Editor’s Note: This month, that is May 2020, FII’s #MoodOfTheMonth is Menstrual Health, where we invite various articles about various experiences that revolve around menstruation or the absence of the same. If you’d like to share your article, email us at email@example.com.
Social and cultural norms create eccentric trends. For example – body hair equals masculinity. So girls, here is some hot wax that you can pour on your body because the idea of being fried in hot oil in hell has to be real! Various cultural dictums have guided the shaping of the ‘ideal’ woman. These perceptions also extend to a woman’s (sshhh.. don’t say it loud) monthly cycle. These menstrual myths contribute towards gender-based discrimination and overall equality.
The Mythical Origin of Menstruation
The Indian mythology explains menstruation with a story dating back to the Vedic times. In a fit of fury, Indradev killed a sage named Vritas and committed the crime of brahma-hatya (killing a brahmin). When his prayers to Lord Vishnu were answered, he was suggested to divide the burden of his crimes among earth, trees, water, and women. However, the curse had to be passed along with a blessing.
Impact of Menstrual Myths
When our mother narrated this story, we interpreted it as a story of a woman’s courage to share other’s sorrow. It reflects that self-less actions bring in blessings. However, the stigmas associated with menstruation have impacted the society to think exactly the opposite of it. A woman’s judgement is questioned – “She is too emotional”. A woman’s rightful anger is interpreted as a hormonal rant – “It must be that time of the month”. Many girls in India drop out of school when they begin menstruating due to the lack of gender-friendly infrastructure in schools. Lack of gender-sensitive education has resulted in low understanding of puberty, menstruation, and reproductive health. The social and emotional fabric of a woman’s well-being is deteriorating.
It is high time we set the record straight about menstrual myths.
Myth 1: Menstrual pain is just like a headache.
The menstrual pain is a medical condition called Dysmenorrhea. Approximately 20% of women have dysmenorrhea which is so severe that it hampers with their daily activities. Even for the remaining 80%, it is not “just like a headache”. It can affect the ability to concentrate and makes us more anxious. So if you feel like taking a day off to curl up your bed and rest until the cramps subside, listen to your body!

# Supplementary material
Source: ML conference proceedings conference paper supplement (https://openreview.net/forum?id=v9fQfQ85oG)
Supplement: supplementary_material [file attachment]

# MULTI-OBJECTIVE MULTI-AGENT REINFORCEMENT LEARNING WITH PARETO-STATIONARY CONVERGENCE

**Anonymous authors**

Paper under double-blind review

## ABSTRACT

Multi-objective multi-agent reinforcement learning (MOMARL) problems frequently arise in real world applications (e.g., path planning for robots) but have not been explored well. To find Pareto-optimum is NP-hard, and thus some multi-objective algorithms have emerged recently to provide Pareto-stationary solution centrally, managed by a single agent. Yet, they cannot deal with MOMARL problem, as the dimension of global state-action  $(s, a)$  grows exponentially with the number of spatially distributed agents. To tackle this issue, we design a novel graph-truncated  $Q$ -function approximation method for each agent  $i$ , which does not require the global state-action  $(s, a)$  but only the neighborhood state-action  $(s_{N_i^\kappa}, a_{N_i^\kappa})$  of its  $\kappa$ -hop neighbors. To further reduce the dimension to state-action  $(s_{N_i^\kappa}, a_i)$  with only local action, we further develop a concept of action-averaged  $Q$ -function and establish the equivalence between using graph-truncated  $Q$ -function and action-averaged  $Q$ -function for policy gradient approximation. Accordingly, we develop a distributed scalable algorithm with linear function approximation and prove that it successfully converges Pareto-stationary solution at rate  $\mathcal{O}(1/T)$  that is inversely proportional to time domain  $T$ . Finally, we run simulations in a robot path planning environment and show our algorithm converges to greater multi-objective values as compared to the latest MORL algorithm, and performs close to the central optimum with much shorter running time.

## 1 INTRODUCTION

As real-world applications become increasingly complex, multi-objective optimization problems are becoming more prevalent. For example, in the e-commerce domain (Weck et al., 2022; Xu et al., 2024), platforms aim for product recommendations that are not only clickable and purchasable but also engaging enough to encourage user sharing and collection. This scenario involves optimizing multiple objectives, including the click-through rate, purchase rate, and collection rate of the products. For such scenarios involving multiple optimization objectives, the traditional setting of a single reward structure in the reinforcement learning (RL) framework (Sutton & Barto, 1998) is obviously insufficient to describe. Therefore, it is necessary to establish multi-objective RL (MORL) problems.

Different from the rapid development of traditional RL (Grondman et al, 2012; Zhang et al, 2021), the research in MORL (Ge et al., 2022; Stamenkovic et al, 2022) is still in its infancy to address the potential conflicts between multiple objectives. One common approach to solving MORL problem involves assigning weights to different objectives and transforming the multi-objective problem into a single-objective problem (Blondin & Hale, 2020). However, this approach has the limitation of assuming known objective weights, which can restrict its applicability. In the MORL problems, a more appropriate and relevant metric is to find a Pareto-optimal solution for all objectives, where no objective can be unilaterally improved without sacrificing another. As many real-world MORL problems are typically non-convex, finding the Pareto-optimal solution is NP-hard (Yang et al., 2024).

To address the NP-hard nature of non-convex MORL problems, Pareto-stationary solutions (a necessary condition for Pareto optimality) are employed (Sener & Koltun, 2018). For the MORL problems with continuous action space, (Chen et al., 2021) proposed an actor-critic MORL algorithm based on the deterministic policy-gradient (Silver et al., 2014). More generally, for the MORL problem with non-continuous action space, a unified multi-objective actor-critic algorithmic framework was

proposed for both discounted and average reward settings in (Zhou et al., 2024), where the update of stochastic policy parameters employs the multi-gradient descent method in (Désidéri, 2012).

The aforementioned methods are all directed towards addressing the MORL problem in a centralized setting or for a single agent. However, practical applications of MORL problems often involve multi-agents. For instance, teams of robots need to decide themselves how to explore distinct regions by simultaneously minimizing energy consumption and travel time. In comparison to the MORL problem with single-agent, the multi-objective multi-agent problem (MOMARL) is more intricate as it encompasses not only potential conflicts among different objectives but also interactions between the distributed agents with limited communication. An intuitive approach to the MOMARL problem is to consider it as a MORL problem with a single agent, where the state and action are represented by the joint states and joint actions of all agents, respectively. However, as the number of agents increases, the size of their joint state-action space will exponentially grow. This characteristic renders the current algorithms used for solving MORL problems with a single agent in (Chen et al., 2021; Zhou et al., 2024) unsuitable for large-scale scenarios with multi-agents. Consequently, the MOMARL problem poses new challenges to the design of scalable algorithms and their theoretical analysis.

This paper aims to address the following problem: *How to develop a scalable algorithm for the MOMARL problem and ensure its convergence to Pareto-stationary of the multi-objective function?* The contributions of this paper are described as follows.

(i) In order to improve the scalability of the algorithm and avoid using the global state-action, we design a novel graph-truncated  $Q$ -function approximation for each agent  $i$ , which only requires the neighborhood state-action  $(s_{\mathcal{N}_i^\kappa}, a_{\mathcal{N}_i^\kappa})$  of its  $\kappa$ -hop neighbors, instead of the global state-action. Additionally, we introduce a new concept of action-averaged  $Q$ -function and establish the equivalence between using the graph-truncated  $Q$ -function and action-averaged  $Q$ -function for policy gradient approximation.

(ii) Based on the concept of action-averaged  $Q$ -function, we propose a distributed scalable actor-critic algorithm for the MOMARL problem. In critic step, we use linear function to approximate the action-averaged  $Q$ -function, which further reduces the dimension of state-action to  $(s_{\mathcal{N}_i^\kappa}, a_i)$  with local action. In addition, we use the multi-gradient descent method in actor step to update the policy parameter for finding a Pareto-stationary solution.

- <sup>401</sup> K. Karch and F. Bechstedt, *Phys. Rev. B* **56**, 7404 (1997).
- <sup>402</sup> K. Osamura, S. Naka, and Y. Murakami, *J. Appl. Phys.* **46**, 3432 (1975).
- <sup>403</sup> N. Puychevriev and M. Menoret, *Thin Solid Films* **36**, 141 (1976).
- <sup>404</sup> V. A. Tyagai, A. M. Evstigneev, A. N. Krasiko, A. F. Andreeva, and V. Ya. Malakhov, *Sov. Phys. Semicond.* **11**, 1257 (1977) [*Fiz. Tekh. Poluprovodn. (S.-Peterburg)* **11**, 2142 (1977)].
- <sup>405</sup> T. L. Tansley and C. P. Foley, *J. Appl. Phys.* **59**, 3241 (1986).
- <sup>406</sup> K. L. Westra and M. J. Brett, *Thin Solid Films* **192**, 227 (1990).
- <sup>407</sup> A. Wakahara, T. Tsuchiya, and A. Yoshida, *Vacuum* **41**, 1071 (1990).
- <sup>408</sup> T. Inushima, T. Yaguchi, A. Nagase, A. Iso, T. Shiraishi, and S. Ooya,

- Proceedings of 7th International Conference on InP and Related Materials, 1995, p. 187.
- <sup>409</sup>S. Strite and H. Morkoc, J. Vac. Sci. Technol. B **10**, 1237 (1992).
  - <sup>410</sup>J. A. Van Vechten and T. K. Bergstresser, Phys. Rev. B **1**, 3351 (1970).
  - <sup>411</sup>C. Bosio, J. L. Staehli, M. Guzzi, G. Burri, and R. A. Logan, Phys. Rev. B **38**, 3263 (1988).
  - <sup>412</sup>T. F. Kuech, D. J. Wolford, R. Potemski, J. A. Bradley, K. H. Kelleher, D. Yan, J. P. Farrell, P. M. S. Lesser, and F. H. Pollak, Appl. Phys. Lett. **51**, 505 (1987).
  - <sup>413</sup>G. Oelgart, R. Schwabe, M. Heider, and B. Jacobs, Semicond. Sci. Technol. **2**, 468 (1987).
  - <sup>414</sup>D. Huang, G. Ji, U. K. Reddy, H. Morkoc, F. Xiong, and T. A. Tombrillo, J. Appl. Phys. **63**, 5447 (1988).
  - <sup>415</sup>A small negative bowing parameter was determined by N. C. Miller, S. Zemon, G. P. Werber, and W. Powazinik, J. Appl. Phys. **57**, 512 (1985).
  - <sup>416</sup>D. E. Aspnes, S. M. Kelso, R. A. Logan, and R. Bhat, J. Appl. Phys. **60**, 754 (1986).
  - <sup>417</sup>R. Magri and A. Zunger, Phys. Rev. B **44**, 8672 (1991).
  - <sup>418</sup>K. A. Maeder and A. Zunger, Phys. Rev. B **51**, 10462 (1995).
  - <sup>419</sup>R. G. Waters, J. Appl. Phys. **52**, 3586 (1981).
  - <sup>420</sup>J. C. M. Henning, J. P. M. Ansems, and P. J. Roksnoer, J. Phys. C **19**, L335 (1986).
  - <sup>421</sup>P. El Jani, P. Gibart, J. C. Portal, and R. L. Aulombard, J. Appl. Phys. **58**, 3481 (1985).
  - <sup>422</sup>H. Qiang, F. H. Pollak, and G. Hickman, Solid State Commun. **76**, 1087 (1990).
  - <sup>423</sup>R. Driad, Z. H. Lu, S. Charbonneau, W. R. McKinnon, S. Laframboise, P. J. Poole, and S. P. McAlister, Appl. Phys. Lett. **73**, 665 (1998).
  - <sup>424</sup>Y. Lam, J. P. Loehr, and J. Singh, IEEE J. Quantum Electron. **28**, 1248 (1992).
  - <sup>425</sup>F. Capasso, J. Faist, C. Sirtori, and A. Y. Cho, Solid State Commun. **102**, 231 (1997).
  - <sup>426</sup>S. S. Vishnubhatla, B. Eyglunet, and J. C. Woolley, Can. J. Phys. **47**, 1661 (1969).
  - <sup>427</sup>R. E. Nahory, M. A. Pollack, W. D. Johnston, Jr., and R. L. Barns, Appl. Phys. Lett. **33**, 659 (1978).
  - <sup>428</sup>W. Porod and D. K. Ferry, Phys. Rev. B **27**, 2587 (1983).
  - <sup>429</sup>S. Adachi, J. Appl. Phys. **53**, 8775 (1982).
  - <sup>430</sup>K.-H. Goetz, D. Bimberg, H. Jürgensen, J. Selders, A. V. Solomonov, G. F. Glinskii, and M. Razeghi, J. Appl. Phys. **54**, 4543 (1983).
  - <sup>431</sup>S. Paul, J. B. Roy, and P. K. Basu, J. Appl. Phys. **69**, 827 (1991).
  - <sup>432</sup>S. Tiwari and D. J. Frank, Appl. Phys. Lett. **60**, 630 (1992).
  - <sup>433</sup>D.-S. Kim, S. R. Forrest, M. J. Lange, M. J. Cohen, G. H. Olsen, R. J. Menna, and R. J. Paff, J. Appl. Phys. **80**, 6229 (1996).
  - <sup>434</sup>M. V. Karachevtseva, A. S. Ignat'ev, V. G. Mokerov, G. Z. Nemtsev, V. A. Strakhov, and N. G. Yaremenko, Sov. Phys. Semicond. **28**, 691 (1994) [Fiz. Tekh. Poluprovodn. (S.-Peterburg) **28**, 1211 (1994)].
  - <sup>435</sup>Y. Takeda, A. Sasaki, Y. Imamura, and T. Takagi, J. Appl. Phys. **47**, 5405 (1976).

Myth 2: Period blood is dirty blood.
Menstruation isn’t your body’s way of flushing out the toxins. Period blood would have nurtured your baby if you were pregnant. It’s like the blood that runs in your veins but has fewer blood cells. How can anything that has the potential to bring a new life be dirty?
Myth 3: Only women have a menstrual cycle.
Not every woman gets her period. Not every female who gets a period recognises themselves as ‘woman’. The gender binary is a social construct that fewer people are adhering to now-a-days. Transgender men may still get their periods while transgender women might not. A typical man also has a menstrual cycle (not loss of blood but a hormonal cycle). This is a human-centric issue.
Myth 4: A menstruating woman is impure.
The so-called guardians and interpreters of our religion and religious texts have banned the entry of women in religious institutions. They refer menstruating women as impure. Over the years, care became curse and got manipulated into stigmas and taboos. The true reason why our scriptures state so is that the womb of a woman is considered sacrosanct even by the Gods as it is the nourisher of new life. This is also the reason why women perform the Paanchang Namaskaar to Gods unlike the men who perform the Shaashtaang Namaskaar.
As an extension of this impurity argument, women are directed to live in isolation, and not enter the kitchen or the food will be spoilt. In certain cultures, menstruating women are not allowed to hold newborn babies else they might pass them their sickness. All these norms were created by our ancients only to make sure that during the 7-day period of blood loss, a woman could get maximum rest. Further, access to hygienic infrastructure is necessary to avoid infections which were a rarity in ancient times.
To all our menstrual buddies reading this – create your own rules. Maybe you like sipping chamomile tea while reading a book or hogging on a truffle cake while watching a rom-com. Just do what makes you happy!
This article has been co-authored with Saumya Pandey. Ms Pandey is a Young Professional at NITI Aayog. A graduate from IIT(ISM) Dhanbad, she is an environmentalist by heart. You can find her on LinkedIn.
Featured Image Source: Sofy